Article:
21 July 2024
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The Evolution of Hydride Superconductivity Research

In recent years, groundbreaking research in the field of superconductivity has been making strides towards creating practical and accessible superconductors that do not require ultra-high pressures to function. Led by Xiaojia Chen at the University of Houston, a multinational team of researchers is at the forefront of this hydride superconductivity research. Superconductivity, defined as the property of a material to offer little to no impedance from electrical resistance or magnetic fields, has long been a goal for scientists looking to revolutionize various industries by boosting efficiency in processes related to research, healthcare, and industry. The current challenge lies in the fact that the conditions required for successful superconductivity exceed the resources available to many potential users and research laboratories.

Challenges and Breakthroughs in Hydride Research

One of the key goals of current hydride research is to lower the accessible pressure needed for superconductivity. Although rare-earth hydrides have shown potential for superconductivity near room temperature, achieving this state has been limited to extremely high pressures. Xiaojia Chen and his team have made significant progress by working with alloys of hydride, specifically yttrium-cerium and lanthanum-cerium hydrides, which have shown promise in maintaining relatively high transition temperatures under less extreme conditions. The inclusion of cerium in these superhydrides has been instrumental in enhancing their superconducting properties, moving researchers closer to the goal of achieving superconductivity at atmospheric conditions.

Implications for Future Superconductivity Applications

The findings of Chen’s team represent a significant step forward in the quest for high-temperature superconductivity that can be achieved in a wide range of laboratory settings. By subjecting their results to multiple tests, including electrical transport measurements, synchrotron X-ray diffraction, Raman scattering, and theoretical calculations, the team has been able to confirm the consistency and reliability of their findings. This development opens up new possibilities for the practical application of superconductivity in various fields, potentially leading to more efficient and cost-effective technologies in the future.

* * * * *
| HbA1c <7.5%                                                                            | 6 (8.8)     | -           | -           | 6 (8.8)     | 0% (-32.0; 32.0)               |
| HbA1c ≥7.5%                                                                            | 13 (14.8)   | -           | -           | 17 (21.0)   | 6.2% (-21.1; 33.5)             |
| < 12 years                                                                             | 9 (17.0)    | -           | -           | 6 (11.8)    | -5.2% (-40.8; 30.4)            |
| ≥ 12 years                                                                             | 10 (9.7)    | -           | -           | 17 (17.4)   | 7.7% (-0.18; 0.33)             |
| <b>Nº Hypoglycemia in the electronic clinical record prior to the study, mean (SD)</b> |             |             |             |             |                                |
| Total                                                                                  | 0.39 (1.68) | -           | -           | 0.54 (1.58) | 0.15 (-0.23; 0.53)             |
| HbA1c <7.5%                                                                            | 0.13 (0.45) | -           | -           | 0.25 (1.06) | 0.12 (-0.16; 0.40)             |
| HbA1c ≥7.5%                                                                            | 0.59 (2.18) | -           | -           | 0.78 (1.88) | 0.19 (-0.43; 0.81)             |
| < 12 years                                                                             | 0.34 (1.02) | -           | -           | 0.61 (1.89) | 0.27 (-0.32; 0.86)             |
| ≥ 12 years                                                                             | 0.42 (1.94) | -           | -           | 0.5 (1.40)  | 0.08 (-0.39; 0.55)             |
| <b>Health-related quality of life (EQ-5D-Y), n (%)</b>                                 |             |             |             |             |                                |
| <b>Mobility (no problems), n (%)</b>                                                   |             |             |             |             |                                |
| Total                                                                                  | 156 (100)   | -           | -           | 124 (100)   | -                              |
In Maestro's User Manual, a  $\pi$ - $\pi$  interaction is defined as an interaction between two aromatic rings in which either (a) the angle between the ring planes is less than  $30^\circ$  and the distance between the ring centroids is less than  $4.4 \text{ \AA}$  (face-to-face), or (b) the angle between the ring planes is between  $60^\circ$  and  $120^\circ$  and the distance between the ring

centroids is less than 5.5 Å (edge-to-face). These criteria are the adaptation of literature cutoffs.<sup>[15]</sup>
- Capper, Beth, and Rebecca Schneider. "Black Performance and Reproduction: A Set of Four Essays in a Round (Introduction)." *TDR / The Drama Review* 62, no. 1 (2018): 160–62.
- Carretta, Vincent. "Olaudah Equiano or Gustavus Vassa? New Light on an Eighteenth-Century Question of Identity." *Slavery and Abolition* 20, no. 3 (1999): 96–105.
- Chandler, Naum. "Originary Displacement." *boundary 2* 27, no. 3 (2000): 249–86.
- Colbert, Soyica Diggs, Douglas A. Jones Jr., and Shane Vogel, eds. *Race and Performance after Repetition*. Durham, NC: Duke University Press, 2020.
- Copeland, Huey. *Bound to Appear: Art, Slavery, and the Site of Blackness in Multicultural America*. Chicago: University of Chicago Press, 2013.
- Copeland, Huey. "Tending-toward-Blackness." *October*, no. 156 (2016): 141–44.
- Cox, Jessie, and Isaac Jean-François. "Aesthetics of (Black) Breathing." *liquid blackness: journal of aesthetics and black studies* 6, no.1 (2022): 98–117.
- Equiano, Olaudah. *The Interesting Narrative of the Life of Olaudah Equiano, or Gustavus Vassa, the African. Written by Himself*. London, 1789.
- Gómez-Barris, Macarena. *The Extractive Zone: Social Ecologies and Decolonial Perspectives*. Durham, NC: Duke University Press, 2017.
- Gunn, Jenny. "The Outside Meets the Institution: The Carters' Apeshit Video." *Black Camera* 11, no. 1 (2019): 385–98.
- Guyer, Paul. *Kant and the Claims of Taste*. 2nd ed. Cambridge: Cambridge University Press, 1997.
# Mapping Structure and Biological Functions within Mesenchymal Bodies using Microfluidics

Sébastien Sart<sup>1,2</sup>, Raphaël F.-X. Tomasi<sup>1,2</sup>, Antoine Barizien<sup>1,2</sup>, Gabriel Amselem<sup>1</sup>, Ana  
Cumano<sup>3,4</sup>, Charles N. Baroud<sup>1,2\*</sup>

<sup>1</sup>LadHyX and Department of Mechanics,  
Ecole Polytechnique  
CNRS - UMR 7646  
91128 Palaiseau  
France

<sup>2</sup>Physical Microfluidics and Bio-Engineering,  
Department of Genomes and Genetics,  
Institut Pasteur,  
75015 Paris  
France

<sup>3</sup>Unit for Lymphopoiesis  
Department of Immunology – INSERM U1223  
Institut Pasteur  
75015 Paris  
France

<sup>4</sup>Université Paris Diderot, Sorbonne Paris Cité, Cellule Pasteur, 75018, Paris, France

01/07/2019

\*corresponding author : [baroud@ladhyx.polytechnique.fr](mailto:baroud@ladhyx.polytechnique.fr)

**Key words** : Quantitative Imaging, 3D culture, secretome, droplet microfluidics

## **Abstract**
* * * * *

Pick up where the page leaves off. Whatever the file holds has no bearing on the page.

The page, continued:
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The Future of Superconductivity Research

While the current research has surpassed the standards set by copper oxides, there is still work to be done to achieve superconductivity at room temperature and under conditions equivalent to ground-level atmosphere pressure. The ultimate goal of the ongoing research is to make superconductivity more accessible and practical for a wider range of applications, paving the way for a new era of innovation and technological advancement. As the boundaries of hydride superconductivity research continue to be pushed, we can expect further breakthroughs that will revolutionize industries and enhance the efficiency of various processes in the near future.

Links to additional Resources:

1. ORNL.gov 2. Phys.org 3. Nature.com

Related Wikipedia Articles

Topics: Superconductivity, Cerium (element), Xiaojia Chen

Superconductivity is a set of physical properties observed in certain materials where electrical resistance vanishes and magnetic fields are expelled from the material. Any material exhibiting these properties is a superconductor. Unlike an ordinary metallic conductor, whose resistance decreases gradually as its temperature is lowered, even down to near absolute...
Read more: Superconductivity

Cerium is a chemical element; it has symbol Ce and atomic number 58. Cerium is a soft, ductile, and silvery-white metal that tarnishes when exposed to air. Cerium is the second element in the lanthanide series, and while it often shows the oxidation state of +3 characteristic of the series,...
Read more: Cerium

Chen Xiaojia
Chen Xiaojia is the name of: Chen Xiaojia (basketball) (born 1988), Chinese basketball player Chen Xiaojia (badminton) (born 1991), Chinese badminton player
Read more: Chen Xiaojia

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